Authors are always put at the centre of Australia’s copyright debates, grounding claims for more rights or fewer exceptions. Despite that, our law has no explicit rights to protect authors in the case of unfair, unclear or outdated contacts. I criticised this state of affairs in the last spring issue of Overland, making a case for Australia finally joining the majority of the world’s nations by granting authors appropriate baseline protections.
The piece drew industry pushback on two key fronts. It’s worth briefly responding to both, because they speak to a broader issue: a mismatch between what Australian publishing practices actually are, and what industry members often believe them to be.
1. We don’t need author rights, because it’s all taken care of by the contracts
The first piece of criticism is that Australia doesn’t need any explicit author rights, because that’s all taken care of by the contracts. The main mechanism is the ‘out-of-print’ clause, which – according to a literary agent who complained about my essay – can be found ‘in every single publishing contract’.
Out-of-print clauses have long been a crucial part of the bargain between publishers and authors. A classic out-of-print clause typically provides that, if the work has gone out of print and is not available in any edition, the author can give the publisher notice. If the publisher doesn’t put the work back into print, the author can reclaim their rights. These clauses were intended to strike a balance that let authors regain their rights when they are insufficiently profitable to the publisher to justify a fresh print run.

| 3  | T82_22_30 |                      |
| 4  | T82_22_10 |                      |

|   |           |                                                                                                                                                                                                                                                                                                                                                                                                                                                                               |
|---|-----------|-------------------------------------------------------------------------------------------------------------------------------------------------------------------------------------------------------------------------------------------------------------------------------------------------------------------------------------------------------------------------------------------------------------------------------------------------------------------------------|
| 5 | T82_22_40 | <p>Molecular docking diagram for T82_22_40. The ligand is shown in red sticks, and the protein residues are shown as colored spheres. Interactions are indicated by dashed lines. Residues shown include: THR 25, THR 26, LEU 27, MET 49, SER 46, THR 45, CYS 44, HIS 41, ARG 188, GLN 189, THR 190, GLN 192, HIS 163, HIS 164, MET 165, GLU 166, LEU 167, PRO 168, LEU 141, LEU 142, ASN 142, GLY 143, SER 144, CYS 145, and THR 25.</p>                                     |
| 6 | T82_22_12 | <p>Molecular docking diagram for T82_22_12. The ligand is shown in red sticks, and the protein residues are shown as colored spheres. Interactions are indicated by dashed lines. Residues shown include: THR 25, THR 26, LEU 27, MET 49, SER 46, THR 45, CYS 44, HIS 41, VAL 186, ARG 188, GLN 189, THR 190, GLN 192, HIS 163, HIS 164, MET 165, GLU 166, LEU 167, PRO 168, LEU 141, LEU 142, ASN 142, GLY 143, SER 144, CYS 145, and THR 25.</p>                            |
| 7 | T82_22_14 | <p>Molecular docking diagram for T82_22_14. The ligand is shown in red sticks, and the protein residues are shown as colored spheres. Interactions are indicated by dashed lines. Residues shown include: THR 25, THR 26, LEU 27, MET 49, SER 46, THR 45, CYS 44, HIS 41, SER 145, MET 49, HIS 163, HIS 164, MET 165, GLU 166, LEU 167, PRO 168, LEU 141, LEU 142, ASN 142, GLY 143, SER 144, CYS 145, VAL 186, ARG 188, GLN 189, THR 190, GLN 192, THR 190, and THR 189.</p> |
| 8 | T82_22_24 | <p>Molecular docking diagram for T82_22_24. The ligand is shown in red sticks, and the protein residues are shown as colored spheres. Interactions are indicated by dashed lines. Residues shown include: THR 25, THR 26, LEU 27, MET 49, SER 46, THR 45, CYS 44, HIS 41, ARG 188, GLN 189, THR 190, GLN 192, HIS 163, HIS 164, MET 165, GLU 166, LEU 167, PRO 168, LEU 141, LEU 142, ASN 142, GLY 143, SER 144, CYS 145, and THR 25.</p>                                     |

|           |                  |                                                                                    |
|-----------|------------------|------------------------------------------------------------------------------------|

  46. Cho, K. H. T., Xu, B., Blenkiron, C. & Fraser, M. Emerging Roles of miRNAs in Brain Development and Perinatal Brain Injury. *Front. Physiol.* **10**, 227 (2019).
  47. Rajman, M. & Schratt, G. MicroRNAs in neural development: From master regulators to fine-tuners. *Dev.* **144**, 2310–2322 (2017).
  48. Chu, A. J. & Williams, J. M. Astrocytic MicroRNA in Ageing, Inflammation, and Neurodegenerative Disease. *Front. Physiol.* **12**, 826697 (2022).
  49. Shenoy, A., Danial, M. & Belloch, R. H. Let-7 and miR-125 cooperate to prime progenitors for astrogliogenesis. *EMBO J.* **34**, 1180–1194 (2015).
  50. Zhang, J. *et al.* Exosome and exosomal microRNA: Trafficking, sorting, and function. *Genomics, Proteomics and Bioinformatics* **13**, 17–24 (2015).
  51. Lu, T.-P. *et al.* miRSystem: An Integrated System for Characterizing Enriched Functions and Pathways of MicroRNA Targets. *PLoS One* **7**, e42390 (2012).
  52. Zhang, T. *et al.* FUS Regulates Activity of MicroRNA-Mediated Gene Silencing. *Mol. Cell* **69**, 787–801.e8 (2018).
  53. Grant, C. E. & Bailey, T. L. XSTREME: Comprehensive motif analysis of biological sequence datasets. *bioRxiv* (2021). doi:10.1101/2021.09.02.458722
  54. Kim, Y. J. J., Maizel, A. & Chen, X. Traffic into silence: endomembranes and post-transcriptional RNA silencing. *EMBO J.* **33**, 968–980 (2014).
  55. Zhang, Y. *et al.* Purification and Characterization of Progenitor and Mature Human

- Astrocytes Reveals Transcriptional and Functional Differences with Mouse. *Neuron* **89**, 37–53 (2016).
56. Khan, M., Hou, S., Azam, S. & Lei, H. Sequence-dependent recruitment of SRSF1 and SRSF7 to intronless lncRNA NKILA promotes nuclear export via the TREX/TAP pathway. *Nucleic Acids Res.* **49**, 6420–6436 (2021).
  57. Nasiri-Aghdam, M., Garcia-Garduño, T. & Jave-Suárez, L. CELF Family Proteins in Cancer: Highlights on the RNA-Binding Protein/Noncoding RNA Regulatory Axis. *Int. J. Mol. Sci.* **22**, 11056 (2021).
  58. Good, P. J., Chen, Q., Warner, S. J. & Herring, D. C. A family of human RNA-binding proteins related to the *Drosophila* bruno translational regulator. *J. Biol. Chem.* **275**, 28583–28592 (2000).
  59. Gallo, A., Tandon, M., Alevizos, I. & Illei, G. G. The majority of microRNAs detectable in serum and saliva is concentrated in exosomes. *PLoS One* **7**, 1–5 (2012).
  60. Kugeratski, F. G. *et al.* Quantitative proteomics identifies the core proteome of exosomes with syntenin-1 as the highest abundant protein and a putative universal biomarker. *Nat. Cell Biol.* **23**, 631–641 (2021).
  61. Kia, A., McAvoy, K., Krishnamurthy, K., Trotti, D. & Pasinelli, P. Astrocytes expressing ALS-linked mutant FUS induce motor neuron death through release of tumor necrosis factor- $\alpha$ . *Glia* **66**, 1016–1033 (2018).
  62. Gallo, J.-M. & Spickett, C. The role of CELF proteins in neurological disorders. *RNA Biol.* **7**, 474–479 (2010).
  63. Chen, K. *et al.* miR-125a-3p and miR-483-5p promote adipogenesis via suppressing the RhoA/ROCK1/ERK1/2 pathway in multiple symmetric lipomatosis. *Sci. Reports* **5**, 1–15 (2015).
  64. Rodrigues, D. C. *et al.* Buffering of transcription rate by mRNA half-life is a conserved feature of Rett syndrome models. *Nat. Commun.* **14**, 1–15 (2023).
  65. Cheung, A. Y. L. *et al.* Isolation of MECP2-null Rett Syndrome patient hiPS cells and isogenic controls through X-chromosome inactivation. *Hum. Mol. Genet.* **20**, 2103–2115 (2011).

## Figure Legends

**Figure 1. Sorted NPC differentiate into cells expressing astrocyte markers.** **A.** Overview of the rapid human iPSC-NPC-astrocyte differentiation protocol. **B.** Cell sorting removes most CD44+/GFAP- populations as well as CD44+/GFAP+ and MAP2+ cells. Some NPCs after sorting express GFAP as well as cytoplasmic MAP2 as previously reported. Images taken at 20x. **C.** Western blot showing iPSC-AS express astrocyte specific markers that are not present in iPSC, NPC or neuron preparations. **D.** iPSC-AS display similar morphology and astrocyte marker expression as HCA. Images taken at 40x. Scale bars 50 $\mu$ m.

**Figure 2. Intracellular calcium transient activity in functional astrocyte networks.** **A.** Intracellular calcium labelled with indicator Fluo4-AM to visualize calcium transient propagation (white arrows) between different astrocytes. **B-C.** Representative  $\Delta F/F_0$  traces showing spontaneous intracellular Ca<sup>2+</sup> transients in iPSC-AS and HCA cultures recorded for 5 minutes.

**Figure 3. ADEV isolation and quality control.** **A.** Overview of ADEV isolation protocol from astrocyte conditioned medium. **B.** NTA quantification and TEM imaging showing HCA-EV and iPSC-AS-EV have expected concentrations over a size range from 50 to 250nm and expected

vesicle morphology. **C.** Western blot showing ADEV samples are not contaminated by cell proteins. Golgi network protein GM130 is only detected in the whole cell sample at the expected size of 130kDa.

In a recent study of 145 publishing contracts from the archives of the Australian Society of Authors (ASA), Joshua Yuvaraj and I found that out-of-print clauses were by no means universal. More than 10 percent of contracts in our sample had no such clause at all. But even where they did, few of the clauses were satisfactorily drafted. Some were frankly unconscionable. The most egregious formulation allowed authors to reclaim their rights when their work was unavailable in any edition – but only so long as they repaid any unearned portion of their advance and paid the publisher for any blocks, designs and engravings they’d made for the book at half the original cost!